(PresidentialHill.com)- Last week, attorneys for former New York Lt. Governor Brian Benjamin tried to get his bribery case tossed out.
Benjamin resigned from office in April after being indicted on bribery conspiracy charges in connection to an alleged campaign finance scheme dating back to his time as a state senator.
He’s accused of accepting campaign donations from Harlem real estate developer Gerald Midgol in exchange for steering state funds to Migdol’s non-profit.
In a Manhattan federal court hearing on Wednesday, Benjamin’s attorney, Barry Berke, accused prosecutors of improperly charging his client in what he claims was the “most aggressive political corruption case ever made by the US government.”
Berke told the Judge in the case that because the charges related to contributions, prosecutors have to prove the alleged agreement between Benjamin and Migdol was “expressly” stated and included an explicit quid pro quo.
Berke told Judge Paul Oetken that “simply asking for money” either before or after Migdol received a benefit “cannot be enough.” He said such a standard would have a “chilling effect” on lawmakers nationwide who seek to aid a particular industry through legislation.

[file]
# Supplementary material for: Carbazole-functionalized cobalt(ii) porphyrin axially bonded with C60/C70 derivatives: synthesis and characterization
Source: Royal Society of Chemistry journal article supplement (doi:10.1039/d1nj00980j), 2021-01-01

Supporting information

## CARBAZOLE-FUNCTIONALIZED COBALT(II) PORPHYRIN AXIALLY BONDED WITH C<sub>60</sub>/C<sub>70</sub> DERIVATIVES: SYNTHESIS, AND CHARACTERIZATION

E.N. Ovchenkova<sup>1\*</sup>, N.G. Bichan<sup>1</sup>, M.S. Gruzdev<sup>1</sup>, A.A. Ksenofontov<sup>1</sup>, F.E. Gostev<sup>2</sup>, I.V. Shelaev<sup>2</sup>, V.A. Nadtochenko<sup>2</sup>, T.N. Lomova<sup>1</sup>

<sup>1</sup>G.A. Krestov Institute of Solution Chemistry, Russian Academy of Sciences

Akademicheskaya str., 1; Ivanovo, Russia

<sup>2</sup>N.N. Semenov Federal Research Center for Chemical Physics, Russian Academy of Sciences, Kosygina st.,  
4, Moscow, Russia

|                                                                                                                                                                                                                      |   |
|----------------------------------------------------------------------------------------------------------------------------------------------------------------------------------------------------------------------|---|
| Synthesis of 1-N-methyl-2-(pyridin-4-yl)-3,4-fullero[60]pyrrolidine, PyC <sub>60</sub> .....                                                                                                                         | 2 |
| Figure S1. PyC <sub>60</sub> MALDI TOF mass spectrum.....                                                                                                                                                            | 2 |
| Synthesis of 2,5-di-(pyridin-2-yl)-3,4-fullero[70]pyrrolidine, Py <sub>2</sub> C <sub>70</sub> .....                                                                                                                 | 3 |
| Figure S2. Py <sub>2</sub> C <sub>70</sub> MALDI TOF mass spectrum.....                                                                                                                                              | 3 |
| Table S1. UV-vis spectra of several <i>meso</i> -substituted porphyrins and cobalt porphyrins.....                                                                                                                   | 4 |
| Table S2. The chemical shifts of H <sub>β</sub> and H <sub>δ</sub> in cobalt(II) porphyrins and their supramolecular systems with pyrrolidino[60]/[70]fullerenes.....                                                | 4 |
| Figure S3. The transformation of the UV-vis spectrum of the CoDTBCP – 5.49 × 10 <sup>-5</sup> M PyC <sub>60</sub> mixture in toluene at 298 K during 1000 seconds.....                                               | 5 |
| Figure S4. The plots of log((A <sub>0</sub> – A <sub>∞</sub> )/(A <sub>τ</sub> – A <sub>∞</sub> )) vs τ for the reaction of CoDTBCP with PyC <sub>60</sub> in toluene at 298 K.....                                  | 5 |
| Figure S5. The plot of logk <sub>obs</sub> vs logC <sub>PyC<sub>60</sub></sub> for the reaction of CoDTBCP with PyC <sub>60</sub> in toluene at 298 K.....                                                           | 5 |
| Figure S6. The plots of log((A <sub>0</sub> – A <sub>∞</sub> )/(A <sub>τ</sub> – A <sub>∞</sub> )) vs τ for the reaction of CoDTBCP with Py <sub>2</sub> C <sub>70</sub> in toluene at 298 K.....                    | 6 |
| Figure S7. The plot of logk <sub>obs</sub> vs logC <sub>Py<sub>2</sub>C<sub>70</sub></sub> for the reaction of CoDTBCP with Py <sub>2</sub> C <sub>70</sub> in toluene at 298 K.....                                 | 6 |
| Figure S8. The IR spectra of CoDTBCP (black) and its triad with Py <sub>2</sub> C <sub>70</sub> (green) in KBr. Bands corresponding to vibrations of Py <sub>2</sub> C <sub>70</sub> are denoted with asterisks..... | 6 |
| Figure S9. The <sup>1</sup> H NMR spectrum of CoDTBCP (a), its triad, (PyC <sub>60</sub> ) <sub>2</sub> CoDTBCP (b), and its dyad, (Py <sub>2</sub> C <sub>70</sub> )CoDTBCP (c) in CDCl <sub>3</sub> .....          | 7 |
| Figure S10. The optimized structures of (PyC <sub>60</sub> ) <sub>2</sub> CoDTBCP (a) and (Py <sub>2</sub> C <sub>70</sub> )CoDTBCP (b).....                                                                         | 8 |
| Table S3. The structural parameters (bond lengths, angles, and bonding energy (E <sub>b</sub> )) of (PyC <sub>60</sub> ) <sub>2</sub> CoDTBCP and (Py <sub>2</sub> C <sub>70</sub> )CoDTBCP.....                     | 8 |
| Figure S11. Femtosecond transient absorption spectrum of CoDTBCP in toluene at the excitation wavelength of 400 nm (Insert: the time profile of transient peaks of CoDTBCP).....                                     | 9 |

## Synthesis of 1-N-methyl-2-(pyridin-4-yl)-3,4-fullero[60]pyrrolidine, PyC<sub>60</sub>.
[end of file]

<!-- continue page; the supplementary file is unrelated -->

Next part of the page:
Judge Oetken noted that the indictment alleges that Benjamin accepted the contributions “in exchange for” state funds. But Berke argued that prosecutors only added that to “satisfy elements of the statute” without showing that the law was broken.
The prosecutor in the case, Assistant US Attorney Jarrod Schaeffer, argued that the charges against Benjamin are “firmly grounded in the law” and are a “straightforward and reasonable application” of the bribery statute.
Schaffer said the charges differentiate between the above-board donations Migdol gave to Benjamin and those that were given as part of the quid pro quo. He added that Benjamin and his people attempted to “obscure the origin of those campaign contributions,” conceding that this could have been done because the contributions were illegally bundled.
The Judge said he would make his decision on whether or not to throw out the case at a later date.
Benjamin has pleaded not guilty.